Intel’s new Project Alloy is a self-contained headset that brings the real world into VR

Intel’s new Project Alloy is a self-contained headset that brings the real world into VR

During the Intel Developer Forum 2016 opening keynote on Tuesday, company CEO Brian Krzanich finally revealed the company’s virtual reality project, aka “Project Alloy.” The headset is completely untethered, meaning users can move about freely without cords, and without an additional PC and battery strapped to their back. It’s utterly self-contained and appears to be rather comfortable to wear, despite its current bulky size.

That said, Project Alloy features a built-in battery that appears to reside on the backside of the device’s head strap. The only cord that was used during Intel’s keynote presentation was one to project the wearer’s viewpoint onto the big screen for all to see. Project Alloy does not require external sensors nor does it require controllers for moving and interacting with the environment. Instead, the headset relies on a pair of Intel RealSense sensors.

Related: Intel confirms 2016 arrival of 3D XPoint-based Optane SSD

Thanks to these sensors, wearers have a full six degrees of freedom within the virtual world. These sensors can track every movement, enabling room-scale mobile VR. One sensor mounted on the front can even “scan” real objects and bring them into the virtual realm in real time, such as the wearer’s hand or another person’s head.

Intel Project Alloy

In a demo, the user approached a virtual X-ray machine with his real hand and saw the bones underneath. He then interacted with a virtual switch using his actual hand too. After that, the demo went on to reveal that Project Alloy supports multi-room environments, allowing the wearer to physically walk into the new virtual area. Because the headset has the RealSense sensor on the front, he doesn’t bump into actual physical objects, including the CEO of Intel standing in his space on stage.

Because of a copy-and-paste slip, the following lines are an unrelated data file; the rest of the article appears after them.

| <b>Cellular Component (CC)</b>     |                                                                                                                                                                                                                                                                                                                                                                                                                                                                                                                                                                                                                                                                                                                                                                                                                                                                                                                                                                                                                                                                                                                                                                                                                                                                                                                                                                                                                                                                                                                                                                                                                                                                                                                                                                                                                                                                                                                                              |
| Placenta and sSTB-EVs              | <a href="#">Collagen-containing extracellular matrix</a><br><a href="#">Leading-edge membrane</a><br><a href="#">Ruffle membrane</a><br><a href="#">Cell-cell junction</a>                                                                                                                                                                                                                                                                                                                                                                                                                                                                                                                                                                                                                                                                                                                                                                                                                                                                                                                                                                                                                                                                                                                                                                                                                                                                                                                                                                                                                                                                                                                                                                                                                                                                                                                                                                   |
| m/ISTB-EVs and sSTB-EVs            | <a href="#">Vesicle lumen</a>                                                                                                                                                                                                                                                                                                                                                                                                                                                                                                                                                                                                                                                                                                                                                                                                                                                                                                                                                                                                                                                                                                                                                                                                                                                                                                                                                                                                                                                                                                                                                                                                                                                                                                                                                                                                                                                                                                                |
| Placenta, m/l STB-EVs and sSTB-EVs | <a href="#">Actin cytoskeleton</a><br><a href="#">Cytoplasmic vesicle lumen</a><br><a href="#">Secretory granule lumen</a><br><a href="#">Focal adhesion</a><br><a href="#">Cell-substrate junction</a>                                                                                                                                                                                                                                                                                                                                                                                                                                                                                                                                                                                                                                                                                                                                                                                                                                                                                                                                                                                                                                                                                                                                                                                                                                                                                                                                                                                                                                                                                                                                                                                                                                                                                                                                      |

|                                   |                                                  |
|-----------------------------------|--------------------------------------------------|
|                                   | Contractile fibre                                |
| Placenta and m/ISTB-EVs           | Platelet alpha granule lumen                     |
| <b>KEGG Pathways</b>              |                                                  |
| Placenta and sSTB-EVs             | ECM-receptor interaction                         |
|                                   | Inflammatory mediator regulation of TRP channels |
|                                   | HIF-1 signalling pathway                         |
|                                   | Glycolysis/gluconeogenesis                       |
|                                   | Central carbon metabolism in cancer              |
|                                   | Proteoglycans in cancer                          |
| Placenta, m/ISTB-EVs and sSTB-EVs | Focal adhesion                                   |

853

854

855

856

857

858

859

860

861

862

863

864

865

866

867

But users aren’t limited to just their hands. As previously stated, the RealSense sensor will bring in any object that can be used to interact with the environment. In the demo, the wearer used a real dollar bill to shave a virtual spinning object. You can actually see the wearer’s hand holding the dollar bill in the virtual realm, not a rendered stand-in.

Right now, the headset looks rather bulky, with the main component firmly supported on the wearer’s face by the weighted battery on the back of his head. This unit is supposedly completely balanced, and will likely reduce in size as Intel fine-tunes the components within. Thus, because it’s self-contained, the Intel-powered computer resides inside the device, which likely resembles a NUC.

Intel Project Alloy

That all said, Intel is expanding upon the foundation established by the Oculus Rift and HTC Vive by mixing the real world with a virtual environment. It’s the exact opposite of Microsoft’s HoloLens headset, which projects holograms into the user’s view of the real world. However, Krzanich indicated that Project Alloy would be able to bring the virtual into the real world at some point in the project’s future.

Intel’s initial keynote opened up with the possibility of VR becoming so life-like it will be hard to distinguish it from the real world. That’s the road Intel plans to take with Project Alloy, and while the current system is capable of bringing real objects into VR, the “scans” aren’t particularly high resolution just yet. The project is still very much in development, but it’s a good indication of where virtual and mixed reality are heading.

Computing–Digital Trends

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